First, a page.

Volume 20 Issue 10 | July 20 - 26, 2007

Downtown Express photos by Elisabeth Robert

Charles Maikish, right, confronted construction managers outside 4 Albany St. Monday, during a tour of Downtown in his last week as leader of the Lower Manhattan Construction Command Center. He told them to get workers directing the traffic and cleaning the street immediately. TOP RIGHT:
Maikish told construction workers to move this generator blocking the temporary bikeway along West St. BOTTOM:
Maikish said he was still “haunted” by the problems Maiden Lane businesses had with construction crews repeatedly ripping up the street.

As he walks his last walk, construction czar cracks whip but sees progress too

By Skye H. McFarlane

There is an electrical generator blocking part of the bike path, and Charles Maikish isn’t happy about it. He leans over the green construction fence and flashes his credentials to the contractors, who are busy working on an access road in front of the World Financial Center. Maikish tells the workers to move the generator. He tells a colleague to come back later and make sure the path is clear. By the next day, the generator is humming safely away from inside the construction site.

It may be Maikish’s last week as the executive director of the Lower Manhattan Construction Command Center, but his agency’s job — to coordinate and mitigate the impact of the Downtown rebuilding effort — is far from over.

“It’s about the diligence,” Maikish said Monday as he took the Downtown Express on a tour of Lower Manhattan’s many construction zones. “There needs to be a continued, if not ramped-up, focus that the plans that have been agreed to…are complied with. If we get lax on that, it’s like throwing clothes on a chair one night. You say it’s just one night, but then all of a sudden you have a pile and you say, ‘What happened?’”

Friday will be the last day on the job for Maikish, a Port Authority veteran who became Downtown’s “construction czar” in 2005. The command center has not yet chosen a replacement, but Bob Harvey, the agency’s head of capital planning and construction, will serve as interim director. As Maikish looked back on his tenure Monday, he was resolutely proud of what he and the command center have accomplished, while at the same time acknowledging that there have been mistakes and roadblocks along the way.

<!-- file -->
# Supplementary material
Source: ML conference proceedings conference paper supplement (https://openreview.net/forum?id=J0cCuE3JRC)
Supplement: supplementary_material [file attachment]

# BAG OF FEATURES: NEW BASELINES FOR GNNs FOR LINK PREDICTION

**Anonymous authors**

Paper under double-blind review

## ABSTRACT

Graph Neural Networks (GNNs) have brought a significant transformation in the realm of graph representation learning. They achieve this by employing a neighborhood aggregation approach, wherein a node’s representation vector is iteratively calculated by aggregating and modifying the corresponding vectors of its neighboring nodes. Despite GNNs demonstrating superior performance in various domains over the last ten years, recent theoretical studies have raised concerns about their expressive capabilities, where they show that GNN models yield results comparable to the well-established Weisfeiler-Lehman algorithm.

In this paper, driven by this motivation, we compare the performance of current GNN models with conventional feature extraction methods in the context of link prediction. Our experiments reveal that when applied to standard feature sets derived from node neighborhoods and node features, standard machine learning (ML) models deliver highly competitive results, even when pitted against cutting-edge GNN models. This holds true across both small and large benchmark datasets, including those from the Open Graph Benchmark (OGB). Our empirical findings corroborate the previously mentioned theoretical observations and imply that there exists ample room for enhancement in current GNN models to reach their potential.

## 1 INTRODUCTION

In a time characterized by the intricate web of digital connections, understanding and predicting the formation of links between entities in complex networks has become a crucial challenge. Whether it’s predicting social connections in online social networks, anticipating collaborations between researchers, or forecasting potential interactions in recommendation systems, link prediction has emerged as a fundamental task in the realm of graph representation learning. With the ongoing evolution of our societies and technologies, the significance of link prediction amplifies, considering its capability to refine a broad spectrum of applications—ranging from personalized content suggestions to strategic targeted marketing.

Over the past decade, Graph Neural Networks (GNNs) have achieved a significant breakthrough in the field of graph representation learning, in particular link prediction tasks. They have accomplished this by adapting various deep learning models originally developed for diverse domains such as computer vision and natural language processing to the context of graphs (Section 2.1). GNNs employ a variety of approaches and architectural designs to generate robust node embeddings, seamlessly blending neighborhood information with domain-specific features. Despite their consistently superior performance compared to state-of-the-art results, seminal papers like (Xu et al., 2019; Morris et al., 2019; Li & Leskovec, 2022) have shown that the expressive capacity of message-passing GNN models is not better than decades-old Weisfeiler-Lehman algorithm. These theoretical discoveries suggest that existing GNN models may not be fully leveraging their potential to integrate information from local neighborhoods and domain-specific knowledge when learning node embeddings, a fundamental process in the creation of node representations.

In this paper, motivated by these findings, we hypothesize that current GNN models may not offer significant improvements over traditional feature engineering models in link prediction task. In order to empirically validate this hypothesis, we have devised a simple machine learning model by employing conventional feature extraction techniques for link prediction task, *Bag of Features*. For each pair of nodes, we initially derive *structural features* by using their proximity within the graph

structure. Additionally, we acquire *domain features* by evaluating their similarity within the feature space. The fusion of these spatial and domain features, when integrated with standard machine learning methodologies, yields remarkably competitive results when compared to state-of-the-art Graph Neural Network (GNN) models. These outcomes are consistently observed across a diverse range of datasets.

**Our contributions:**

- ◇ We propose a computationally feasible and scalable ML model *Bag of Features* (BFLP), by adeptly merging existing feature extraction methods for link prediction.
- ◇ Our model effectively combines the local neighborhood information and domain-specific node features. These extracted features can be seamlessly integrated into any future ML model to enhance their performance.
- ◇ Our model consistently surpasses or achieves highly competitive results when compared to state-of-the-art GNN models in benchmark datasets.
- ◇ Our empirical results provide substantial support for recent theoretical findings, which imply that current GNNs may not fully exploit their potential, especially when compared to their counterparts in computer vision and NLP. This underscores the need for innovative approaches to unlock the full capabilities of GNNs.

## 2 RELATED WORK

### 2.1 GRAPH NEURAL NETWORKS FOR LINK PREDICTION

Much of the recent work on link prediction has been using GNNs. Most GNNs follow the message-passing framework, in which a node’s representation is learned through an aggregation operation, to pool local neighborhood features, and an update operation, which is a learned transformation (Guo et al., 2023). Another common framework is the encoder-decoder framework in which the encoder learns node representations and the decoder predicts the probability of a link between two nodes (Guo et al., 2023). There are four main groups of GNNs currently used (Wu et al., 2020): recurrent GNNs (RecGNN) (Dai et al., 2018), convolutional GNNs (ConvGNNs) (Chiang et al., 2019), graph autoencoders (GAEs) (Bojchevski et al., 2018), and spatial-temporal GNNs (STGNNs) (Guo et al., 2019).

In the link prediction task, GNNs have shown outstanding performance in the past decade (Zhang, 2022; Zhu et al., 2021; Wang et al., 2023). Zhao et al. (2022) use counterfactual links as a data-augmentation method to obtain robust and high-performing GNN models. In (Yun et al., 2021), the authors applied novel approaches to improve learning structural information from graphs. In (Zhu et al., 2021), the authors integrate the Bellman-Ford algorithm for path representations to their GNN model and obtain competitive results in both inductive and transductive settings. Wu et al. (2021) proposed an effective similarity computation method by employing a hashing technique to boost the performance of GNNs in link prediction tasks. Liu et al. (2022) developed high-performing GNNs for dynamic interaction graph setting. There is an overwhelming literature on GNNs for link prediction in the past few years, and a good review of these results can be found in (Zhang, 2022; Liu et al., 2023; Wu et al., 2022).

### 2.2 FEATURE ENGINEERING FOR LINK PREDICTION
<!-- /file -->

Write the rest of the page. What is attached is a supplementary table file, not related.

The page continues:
Monday’s tour offered ample examples of the problems posed by having more than 60 major construction projects progressing simultaneously on the dense, narrow streets of Lower Manhattan. On Greenwich St., Maikish pointed out a problem solved. In the spot where Port Authority trucks had been tracking piles of mud into the neighborhood, a newly assigned worker stood hosing down the street, watching the nearby sewer grates to make sure they didn’t become blocked up.

Yet, just a block away, at 4 Albany St., workers on the site of what will become a W Hotel were busy creating a new problem. Without a permit or traffic controls, the workers were swinging full bulldozer loads out over the street and dumping the debris into trucks. Maikish confronted the project manager, who pleaded his case, saying they’d just be loading for a few minutes to finish up their work for the day. Maikish told them to get some workers directing traffic and cleaning the street immediately. Next time, he said, they would need to get a permit to close part of the street before they load up the trucks.

“Contractors and project managers will always push the envelope. These guys didn’t want to go and get a permit; they thought they’d get away with it,” Maikish said, later adding, “It’s like making sure the kids keep their toys in the toy box.”

According to Maikish, violations and fines seldom convince contractors to comply with health, safety and environmental regulations. It is far more effective, he said, to use the leverage of future permits and trucking access to persuade builders to clean up their acts. If that doesn’t work, Maikish said, then a stop-work order will usually get a contractor’s attention.

To keep an eye on Downtown builders and traffic, the command center now has a 58-member “enforcement task force” made up of highway inspectors, building inspectors and N.Y.P.D. traffic agents. With five major projects slated for the area around 4 Albany, Maikish said the command center might consider stationing a task force agent or two in Greenwich South on a regular basis.

Maikish called Greenwich South a “pinch point” because of its high level of development and limited space for cars, trucks and pedestrians. Other pinch points include Church St., where the construction of the W.T.C. East Bathtub will coincide with work on two major transit hubs, and the Fulton corridor, where three major streetwork projects will collide with the building of a 75-story residential tower on Beekman St.